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A Great AridnessClimate Change and the Future of the American Southwest$
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William deBuys

Print publication date: 2011

Print ISBN-13: 9780199778928

Published to Oxford Scholarship Online: November 2020

DOI: 10.1093/oso/9780199778928.001.0001

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Mogollon Plateau: Fires Present and Future

Mogollon Plateau: Fires Present and Future

Chapter:
(p.236) 9 Mogollon Plateau: Fires Present and Future
Source:
A Great Aridness
Author(s):

William deBuys

Publisher:
Oxford University Press
DOI:10.1093/oso/9780199778928.003.0014

Early on June 19, 2002, Paul Garcia looked off the rim of the Mogollon Plateau and did not like what he saw. Down toward Cibecue, the capital of the Fort Apache Reservation, home of the White Mountain Apaches, dark smoke boiled into the Arizona sky. The wind was pushing it in Garcia’s direction, toward the rim, as the prevailing southwest wind always pushed fires that start down on the Rez. The churning smoke—dark-tinged because of solid materials that volatilized without burning—told Garcia that the fire was gaining energy, building strength. He was the fire management officer of the Lakeside Ranger District, a unit of the Sitgreaves National Forest. His boss, a couple of steps up the chain of command, was Forest Supervisor John Bedell, who remembers getting a call from Garcia: “He said, ‘You know, this thing has some potential. . . . If they don’t catch it today, it’s going to get pretty big.’ ” The firefig hters on the reservation didn’t catch it. The Rodeo Fire, which began as an act of arson near the Cibecue rodeo grounds, grew from a size of 1,000 acres on June 18 to 55,000 acres the next day. Garcia, Bedell, and a burgeoning army of Forest Service firefighters scrambled to meet the fire atop the rim, hoping to hold it at the rim road that marked the boundary between the reservation and the National Forest. They did not succeed. By mid-afternoon the fire had developed multiple towering plumes of smoke and ash. Its front advanced at an average rate of four miles an hour. Whole stands of eighty-foot trees ignited in an instant, shooting flames 400 feet high and lofting aerial firebrands half a mile downwind. By 4:00 p.m., some of those firebrands were spotting across the rim road. The Mogollon Rim is one of the most pronounced topographic features of the Southwest.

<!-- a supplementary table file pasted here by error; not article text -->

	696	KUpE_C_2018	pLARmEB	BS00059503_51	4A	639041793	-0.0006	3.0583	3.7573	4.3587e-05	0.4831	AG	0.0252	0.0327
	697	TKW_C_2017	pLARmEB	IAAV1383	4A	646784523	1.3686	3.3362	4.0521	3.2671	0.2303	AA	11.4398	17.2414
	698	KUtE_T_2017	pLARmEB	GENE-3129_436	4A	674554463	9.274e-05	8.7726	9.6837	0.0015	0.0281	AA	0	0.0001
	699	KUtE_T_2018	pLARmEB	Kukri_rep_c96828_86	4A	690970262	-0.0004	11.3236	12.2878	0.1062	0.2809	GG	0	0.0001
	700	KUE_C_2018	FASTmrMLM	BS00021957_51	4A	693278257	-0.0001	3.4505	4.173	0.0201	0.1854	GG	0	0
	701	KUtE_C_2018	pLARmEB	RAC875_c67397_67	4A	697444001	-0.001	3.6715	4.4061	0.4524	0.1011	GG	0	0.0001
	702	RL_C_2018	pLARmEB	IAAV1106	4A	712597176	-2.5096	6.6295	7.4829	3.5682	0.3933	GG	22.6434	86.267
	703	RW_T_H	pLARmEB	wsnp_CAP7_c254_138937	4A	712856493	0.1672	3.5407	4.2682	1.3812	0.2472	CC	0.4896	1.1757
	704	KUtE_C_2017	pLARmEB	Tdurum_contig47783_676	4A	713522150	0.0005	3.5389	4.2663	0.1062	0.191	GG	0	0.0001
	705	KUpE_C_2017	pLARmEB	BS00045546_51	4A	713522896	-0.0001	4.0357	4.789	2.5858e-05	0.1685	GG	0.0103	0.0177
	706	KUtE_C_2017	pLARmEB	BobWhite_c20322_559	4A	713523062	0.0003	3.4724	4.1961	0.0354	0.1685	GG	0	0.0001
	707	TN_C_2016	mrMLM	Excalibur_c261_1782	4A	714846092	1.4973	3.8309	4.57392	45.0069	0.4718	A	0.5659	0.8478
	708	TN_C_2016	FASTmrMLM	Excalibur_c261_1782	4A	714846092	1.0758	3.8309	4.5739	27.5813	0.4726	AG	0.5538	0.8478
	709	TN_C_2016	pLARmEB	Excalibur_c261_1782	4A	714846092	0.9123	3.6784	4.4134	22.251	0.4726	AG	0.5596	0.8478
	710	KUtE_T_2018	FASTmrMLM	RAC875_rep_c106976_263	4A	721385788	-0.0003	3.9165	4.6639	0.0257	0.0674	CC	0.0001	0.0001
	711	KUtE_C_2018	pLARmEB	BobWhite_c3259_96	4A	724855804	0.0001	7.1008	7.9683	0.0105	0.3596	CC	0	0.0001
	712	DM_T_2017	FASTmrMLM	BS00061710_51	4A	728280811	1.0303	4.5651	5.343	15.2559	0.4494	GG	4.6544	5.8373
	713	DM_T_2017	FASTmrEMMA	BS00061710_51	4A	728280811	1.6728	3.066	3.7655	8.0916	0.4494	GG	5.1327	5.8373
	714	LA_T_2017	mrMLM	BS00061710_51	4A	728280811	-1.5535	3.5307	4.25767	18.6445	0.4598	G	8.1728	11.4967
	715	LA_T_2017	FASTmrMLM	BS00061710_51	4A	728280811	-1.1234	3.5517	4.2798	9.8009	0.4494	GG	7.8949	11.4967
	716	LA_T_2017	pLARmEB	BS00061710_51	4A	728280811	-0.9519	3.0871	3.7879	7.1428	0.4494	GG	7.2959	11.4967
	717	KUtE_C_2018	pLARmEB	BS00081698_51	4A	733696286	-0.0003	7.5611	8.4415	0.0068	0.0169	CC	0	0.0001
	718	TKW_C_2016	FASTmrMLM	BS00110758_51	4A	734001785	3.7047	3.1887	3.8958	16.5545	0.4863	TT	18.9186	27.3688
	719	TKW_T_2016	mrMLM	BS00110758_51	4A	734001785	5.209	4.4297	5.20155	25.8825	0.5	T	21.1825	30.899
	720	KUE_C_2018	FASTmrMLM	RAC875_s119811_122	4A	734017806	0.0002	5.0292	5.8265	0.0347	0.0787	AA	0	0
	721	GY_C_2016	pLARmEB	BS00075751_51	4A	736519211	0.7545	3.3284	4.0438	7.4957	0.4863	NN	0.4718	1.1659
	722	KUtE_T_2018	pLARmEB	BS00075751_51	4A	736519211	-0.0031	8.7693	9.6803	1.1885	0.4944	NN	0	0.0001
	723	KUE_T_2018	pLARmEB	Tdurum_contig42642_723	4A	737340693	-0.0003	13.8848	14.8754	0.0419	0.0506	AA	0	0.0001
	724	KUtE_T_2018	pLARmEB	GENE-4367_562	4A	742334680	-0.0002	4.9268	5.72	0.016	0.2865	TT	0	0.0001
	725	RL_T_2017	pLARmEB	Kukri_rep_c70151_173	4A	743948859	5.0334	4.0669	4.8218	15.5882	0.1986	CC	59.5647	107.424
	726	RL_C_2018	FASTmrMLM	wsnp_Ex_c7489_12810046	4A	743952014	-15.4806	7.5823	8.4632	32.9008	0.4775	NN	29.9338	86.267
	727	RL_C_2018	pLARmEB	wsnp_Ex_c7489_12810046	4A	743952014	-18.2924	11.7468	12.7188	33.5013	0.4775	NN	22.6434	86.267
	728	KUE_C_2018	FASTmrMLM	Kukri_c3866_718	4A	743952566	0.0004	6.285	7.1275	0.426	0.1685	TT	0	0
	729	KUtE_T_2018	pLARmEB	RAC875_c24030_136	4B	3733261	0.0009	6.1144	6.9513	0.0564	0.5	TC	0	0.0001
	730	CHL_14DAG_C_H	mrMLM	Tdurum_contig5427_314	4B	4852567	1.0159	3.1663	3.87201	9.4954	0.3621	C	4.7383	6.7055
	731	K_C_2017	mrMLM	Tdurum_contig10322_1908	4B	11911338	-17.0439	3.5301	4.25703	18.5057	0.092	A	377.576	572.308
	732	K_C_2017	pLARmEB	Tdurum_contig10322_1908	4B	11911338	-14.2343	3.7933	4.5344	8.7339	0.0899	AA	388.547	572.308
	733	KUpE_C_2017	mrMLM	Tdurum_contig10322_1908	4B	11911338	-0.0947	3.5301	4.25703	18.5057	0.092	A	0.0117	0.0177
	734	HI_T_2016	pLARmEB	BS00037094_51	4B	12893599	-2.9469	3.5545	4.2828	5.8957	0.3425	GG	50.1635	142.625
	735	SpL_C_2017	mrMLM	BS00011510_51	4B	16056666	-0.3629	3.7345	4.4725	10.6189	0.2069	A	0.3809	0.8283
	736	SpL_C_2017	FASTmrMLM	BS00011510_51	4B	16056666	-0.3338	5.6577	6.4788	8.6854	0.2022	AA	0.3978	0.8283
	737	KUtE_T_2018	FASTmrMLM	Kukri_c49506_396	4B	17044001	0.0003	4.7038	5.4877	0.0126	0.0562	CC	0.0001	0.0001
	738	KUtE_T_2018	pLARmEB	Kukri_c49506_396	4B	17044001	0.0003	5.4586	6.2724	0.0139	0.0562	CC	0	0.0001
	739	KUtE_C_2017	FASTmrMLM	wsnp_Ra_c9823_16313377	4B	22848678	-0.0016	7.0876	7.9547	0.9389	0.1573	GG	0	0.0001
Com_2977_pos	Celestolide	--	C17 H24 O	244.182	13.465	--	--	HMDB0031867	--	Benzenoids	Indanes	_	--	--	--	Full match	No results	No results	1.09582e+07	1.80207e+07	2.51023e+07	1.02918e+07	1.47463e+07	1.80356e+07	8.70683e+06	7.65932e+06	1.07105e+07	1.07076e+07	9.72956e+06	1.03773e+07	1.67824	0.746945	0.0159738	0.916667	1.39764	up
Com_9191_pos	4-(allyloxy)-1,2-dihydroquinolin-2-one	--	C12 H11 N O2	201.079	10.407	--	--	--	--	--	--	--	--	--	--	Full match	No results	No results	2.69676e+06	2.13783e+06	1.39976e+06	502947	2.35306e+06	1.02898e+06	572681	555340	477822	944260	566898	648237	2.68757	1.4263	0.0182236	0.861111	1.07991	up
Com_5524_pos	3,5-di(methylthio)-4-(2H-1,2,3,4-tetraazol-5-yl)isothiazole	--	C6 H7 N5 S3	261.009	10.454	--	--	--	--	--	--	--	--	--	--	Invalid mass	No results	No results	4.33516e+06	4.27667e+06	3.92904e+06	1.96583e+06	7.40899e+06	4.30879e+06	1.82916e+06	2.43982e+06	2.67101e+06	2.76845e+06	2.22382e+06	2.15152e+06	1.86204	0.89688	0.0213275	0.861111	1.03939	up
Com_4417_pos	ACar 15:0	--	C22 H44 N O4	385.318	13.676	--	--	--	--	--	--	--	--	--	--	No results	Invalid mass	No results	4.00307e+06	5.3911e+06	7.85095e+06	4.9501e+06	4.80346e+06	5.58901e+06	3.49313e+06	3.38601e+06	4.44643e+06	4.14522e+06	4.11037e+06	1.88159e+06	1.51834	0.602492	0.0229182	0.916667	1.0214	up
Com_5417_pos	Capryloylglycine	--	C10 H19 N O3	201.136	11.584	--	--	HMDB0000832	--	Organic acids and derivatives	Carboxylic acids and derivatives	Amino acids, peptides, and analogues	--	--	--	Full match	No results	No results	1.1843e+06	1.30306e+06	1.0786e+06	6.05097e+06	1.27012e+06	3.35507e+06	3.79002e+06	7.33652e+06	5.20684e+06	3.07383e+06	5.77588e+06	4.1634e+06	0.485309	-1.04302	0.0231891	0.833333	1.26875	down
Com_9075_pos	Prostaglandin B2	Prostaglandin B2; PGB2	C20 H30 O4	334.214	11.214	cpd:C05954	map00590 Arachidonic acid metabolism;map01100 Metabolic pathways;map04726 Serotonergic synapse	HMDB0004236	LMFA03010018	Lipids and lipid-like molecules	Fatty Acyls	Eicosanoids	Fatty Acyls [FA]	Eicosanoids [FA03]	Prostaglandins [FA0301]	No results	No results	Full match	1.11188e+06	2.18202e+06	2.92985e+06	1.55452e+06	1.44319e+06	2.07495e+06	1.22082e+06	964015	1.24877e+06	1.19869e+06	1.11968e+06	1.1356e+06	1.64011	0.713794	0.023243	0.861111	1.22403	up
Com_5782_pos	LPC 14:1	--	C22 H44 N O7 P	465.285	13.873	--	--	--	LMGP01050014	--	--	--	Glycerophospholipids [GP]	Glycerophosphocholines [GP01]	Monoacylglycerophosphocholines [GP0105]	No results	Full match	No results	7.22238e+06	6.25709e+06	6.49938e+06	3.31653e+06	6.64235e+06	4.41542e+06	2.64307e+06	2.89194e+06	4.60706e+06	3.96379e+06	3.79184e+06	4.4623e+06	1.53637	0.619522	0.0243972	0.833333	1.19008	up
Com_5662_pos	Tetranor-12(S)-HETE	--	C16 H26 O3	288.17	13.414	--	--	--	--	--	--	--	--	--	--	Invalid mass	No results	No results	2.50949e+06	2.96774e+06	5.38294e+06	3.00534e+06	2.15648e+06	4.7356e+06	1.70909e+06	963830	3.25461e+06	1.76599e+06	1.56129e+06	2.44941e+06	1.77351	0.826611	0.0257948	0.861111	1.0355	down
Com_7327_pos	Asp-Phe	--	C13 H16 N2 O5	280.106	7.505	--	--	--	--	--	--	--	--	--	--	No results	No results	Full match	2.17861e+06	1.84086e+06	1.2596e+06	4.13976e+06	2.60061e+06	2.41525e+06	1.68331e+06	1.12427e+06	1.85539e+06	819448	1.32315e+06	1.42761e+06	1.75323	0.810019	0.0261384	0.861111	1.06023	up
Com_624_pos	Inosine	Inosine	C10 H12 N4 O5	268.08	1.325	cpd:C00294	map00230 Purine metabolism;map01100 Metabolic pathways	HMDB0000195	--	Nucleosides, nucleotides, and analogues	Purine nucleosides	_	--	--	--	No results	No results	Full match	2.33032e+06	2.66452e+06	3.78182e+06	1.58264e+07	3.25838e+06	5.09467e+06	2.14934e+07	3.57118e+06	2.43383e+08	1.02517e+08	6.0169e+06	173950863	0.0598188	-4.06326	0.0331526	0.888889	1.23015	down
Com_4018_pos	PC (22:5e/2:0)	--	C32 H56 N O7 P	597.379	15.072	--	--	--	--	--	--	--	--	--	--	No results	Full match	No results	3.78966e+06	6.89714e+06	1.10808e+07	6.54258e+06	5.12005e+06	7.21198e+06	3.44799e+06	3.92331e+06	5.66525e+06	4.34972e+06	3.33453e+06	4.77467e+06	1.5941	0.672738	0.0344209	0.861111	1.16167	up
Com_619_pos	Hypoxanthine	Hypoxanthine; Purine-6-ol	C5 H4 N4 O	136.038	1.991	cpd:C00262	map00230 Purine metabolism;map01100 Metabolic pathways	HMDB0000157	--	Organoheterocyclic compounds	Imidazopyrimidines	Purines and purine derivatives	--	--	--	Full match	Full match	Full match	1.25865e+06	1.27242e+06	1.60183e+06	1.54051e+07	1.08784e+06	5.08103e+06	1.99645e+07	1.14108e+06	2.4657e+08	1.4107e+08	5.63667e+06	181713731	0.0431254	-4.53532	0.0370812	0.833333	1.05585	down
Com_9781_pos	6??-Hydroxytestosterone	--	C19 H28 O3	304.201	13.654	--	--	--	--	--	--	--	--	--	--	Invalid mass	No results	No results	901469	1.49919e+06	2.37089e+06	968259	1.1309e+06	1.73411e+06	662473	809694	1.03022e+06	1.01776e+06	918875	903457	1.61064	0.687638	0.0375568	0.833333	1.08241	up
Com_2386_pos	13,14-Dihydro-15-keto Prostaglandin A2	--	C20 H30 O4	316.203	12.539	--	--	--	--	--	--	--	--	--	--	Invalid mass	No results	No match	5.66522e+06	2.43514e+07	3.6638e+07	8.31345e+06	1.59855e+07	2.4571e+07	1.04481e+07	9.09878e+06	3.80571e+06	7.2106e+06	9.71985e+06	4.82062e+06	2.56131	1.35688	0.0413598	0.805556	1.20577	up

Keywords:   Chediski Fire, Douglas-firs, Forest Reserves, Hayman Fire, Indians, Mogollon Rim, National Forests, Piute fire, Rodeo Fire, Yellowstone National Park

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